Our data demonstrated that atopy had no notable impact on pulmonary function. Some previous cross-sectional and longitudinal studies have shown no significant associations between atopy and FEV1 in adults [24, 25]. One study found that atopy alone was not related to the FEV1, but in atopic patients the relationship between bronchial hyperresponsiveness and FEV1 was stronger compared with nonatopic patients . Other studies demonstrated that atopy was related to lower lung function in young adults with asthma  or independently of asthma . Atopy seems not an independent risk factor for pulmonary function in children [1, 29], although atopy was found to be associated with low pulmonary function in children with asthma or wheeze . Our study showed that atopy did not significantly modify the association between asthma and pulmonary function and was not an important risk factor for pulmonary function in adults.
Among the study subjects, 27 reported using asthma medication during the past 12 months. Self-reported asthma medication use during the past 12 months did not significantly predict pulmonary function or modified the association between asthma and pulmonary function testing variables. One limitation of the study is that asthma diagnosis is solely based on self-reporting. The current study did not have information on bronchial hyperreactivity. If pulmonary function was fully reversible in asthma and chronic obstructive pulmonary disease (COPD) was misdiagnosed as asthma, we would have observed reduced pulmonary function in “asthma” patients. Since COPD is common in elderly people but rare in young adults, we analyzed the data stratified by age. The association between self-reported asthma and pulmonary function was similar in younger and older age groups. In addition, self-reported former asthma, which is not likely to be COPD, was significantly related to low pulmonary function, suggesting possible information bias is not an explanation for our findings. In this study we used four most important allergens for our skin prick test and 28% were positive. A larger panel of allergens would increase the likelihood of atopy detected, and there was a potential under-diagnosis of atopy in our study.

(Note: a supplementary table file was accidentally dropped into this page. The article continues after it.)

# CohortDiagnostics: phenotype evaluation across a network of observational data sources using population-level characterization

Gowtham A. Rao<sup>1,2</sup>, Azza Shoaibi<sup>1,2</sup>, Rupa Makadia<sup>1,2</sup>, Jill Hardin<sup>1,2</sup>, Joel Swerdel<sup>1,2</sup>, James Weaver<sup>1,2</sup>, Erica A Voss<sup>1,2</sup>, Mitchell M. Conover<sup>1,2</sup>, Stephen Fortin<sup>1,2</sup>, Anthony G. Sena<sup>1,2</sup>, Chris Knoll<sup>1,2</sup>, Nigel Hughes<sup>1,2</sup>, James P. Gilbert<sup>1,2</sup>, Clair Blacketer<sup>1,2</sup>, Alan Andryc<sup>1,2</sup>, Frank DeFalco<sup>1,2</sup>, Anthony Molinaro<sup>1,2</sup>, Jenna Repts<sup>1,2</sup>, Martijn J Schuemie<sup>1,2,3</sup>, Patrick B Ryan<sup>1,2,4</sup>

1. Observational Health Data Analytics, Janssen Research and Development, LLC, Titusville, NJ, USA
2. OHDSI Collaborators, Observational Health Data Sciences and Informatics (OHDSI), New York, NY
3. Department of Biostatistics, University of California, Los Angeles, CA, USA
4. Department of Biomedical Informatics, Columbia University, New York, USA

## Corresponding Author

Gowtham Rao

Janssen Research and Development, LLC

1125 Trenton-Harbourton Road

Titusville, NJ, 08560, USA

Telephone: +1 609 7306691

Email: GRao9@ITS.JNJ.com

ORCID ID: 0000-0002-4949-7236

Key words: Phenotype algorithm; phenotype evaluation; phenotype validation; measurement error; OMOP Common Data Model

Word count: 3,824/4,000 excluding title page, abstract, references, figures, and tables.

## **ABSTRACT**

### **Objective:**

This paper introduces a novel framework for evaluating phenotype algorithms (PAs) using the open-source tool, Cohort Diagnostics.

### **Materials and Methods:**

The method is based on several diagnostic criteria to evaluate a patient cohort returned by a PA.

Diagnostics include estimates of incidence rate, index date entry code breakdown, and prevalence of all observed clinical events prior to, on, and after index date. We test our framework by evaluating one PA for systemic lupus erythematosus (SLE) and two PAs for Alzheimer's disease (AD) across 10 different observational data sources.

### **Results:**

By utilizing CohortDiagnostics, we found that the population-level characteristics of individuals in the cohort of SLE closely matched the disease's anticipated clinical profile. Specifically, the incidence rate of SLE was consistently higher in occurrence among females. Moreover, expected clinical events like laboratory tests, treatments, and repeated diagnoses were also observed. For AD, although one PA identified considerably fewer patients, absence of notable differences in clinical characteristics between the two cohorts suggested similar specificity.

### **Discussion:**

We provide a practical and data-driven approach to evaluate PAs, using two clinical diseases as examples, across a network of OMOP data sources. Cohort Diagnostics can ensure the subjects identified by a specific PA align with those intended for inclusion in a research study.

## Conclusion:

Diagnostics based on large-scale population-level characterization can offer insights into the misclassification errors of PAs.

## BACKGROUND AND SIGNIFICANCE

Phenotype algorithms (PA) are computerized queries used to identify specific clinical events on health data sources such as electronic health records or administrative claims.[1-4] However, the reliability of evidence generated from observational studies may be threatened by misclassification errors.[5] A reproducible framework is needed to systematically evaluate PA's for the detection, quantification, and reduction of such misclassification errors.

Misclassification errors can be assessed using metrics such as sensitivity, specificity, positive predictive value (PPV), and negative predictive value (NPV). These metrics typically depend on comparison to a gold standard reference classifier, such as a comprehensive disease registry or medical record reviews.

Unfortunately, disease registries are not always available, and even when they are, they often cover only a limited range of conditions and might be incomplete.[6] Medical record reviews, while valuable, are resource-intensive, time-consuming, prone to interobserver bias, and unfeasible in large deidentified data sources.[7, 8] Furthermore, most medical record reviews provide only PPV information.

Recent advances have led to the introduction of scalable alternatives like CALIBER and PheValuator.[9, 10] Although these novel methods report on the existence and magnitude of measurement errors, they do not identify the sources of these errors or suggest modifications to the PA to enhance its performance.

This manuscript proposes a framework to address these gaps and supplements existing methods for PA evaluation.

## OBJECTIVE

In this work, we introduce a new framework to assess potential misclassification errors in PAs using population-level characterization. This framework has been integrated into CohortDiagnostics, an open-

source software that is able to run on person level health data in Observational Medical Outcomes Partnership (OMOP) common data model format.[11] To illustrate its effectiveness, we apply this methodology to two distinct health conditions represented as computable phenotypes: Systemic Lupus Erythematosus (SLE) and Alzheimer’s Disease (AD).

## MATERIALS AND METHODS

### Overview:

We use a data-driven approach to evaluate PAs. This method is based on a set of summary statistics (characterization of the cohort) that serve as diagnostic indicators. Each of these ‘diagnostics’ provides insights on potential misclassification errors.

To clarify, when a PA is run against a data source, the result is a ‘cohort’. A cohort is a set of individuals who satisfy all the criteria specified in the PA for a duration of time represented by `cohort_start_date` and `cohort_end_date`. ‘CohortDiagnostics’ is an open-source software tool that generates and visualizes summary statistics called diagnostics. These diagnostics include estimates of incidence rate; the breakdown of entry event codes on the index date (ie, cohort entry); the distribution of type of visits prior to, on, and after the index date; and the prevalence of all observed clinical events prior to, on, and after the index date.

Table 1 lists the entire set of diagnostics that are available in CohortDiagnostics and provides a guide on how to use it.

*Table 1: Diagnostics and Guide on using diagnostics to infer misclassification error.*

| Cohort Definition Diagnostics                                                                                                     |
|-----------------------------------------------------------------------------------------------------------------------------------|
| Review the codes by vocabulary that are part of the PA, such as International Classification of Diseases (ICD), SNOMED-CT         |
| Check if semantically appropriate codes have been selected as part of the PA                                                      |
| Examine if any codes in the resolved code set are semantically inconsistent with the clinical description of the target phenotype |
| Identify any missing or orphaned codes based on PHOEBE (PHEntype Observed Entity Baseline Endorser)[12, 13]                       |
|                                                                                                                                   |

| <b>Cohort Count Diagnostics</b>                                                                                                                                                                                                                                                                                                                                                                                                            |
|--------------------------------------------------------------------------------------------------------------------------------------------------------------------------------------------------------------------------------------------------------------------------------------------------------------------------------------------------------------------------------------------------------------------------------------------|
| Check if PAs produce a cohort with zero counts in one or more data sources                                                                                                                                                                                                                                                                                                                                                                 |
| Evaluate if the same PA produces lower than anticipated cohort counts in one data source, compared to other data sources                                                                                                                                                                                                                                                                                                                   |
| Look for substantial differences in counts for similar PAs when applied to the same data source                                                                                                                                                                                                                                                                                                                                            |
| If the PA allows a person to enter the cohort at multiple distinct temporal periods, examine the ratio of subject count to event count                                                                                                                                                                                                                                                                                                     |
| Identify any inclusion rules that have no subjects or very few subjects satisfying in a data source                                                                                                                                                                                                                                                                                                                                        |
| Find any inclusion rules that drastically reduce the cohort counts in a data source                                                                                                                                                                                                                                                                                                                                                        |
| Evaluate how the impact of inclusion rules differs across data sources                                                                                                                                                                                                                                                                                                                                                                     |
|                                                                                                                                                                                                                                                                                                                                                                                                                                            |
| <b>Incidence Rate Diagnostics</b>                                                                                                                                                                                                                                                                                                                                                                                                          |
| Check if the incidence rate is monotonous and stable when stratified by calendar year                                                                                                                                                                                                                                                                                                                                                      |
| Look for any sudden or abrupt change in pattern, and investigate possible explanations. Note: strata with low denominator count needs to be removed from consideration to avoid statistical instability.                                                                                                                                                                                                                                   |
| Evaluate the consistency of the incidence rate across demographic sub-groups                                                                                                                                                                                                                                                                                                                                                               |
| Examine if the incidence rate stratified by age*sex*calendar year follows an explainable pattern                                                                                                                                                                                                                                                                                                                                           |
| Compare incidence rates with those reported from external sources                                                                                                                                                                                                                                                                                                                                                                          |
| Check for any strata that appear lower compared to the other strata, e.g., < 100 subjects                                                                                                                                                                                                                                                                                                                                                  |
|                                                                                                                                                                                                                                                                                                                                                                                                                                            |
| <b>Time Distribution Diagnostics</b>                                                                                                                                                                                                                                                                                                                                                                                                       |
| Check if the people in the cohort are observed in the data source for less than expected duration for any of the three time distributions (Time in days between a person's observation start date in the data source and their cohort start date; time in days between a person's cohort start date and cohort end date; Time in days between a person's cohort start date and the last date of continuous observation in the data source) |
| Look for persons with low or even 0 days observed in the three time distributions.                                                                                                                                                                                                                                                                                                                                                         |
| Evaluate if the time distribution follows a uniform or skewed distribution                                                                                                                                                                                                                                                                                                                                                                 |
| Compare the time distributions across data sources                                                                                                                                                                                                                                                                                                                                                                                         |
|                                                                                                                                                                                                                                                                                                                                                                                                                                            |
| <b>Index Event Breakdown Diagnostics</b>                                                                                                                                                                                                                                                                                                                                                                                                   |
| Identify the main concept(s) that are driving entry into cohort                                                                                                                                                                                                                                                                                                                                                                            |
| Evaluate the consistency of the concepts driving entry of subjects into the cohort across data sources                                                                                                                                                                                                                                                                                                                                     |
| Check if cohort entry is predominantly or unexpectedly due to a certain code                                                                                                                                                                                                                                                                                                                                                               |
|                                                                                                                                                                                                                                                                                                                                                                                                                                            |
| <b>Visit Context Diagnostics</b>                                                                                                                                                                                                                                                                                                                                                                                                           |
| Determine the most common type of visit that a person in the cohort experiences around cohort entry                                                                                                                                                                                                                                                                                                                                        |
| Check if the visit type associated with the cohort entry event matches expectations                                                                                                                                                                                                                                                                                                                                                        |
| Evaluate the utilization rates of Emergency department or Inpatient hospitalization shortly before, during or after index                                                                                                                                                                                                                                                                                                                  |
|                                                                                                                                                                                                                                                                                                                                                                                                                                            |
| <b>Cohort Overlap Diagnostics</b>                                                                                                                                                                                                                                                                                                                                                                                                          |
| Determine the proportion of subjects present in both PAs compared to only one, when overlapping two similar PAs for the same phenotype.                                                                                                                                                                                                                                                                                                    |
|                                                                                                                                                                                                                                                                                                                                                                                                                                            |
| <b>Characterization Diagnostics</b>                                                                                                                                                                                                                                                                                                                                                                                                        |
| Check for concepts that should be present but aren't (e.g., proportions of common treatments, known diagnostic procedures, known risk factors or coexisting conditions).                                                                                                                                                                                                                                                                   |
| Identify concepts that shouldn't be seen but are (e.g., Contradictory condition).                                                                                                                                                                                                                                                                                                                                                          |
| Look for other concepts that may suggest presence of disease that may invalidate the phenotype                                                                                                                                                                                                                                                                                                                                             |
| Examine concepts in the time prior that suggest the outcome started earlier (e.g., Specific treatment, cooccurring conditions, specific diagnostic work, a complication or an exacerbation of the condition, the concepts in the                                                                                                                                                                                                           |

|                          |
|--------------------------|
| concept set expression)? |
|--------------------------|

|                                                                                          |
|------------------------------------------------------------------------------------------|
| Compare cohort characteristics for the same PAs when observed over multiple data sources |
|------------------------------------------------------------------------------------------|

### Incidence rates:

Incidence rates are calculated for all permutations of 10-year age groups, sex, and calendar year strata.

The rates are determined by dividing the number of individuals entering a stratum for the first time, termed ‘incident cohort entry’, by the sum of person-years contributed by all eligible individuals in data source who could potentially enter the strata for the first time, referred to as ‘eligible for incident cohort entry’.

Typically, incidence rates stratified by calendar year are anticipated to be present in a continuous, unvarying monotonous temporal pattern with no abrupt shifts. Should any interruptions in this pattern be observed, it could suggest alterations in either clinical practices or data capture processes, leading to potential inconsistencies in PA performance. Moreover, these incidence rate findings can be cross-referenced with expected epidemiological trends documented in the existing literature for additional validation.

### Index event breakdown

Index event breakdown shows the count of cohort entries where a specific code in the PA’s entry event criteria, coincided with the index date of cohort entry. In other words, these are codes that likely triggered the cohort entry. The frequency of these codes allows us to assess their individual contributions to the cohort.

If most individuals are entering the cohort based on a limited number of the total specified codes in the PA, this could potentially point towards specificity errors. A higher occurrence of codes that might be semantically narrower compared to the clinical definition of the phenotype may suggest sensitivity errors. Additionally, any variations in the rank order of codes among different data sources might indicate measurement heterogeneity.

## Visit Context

There was reduced pulmonary function in adults with ever, recent or former asthma and the association tended to be stronger in men than in women, but similar in those with and without atopy. There is a possibility that airway remodeling in asthma results in reduced pulmonary function and risk factors for irreversible airway obstruction need further investigation.
Body mass index
Forced expiratory volume in the first second
Body temperature and pressure saturated with water vapour
Forced vital capacity
Forced expiratory flow rate
Multivariate analysis of variance
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The pre-publication history for this paper can be accessed here:http://www.biomedcentral.com/1471-2466/12/32/prepub
The authors are grateful to the people of Humboldt, Saskatchewan, Canada, for their outstanding support for, and cooperation with the community studies involved. The study was supported by a grant from the Canadian Institutes of Health Research (CIHR) (200203MOP-100752-POP-CCAA-11829).
The authors declare that they have no competing interests.
All authors contributed to the conception and design of the study; DR, PP and JD supervised the data collection; YC performed the statistical analysis and prepare the first draft of the manuscript. All authors contributed to the writing of the manuscript. All authors read and approved the final manuscript.
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Chen, Y., Rennie, D.C., Pahwa, P. et al. Pulmonary function in adults with recent and former asthma and the role of sex and atopy. BMC Pulm Med 12, 32 (2012). https://doi.org/10.1186/1471-2466-12-32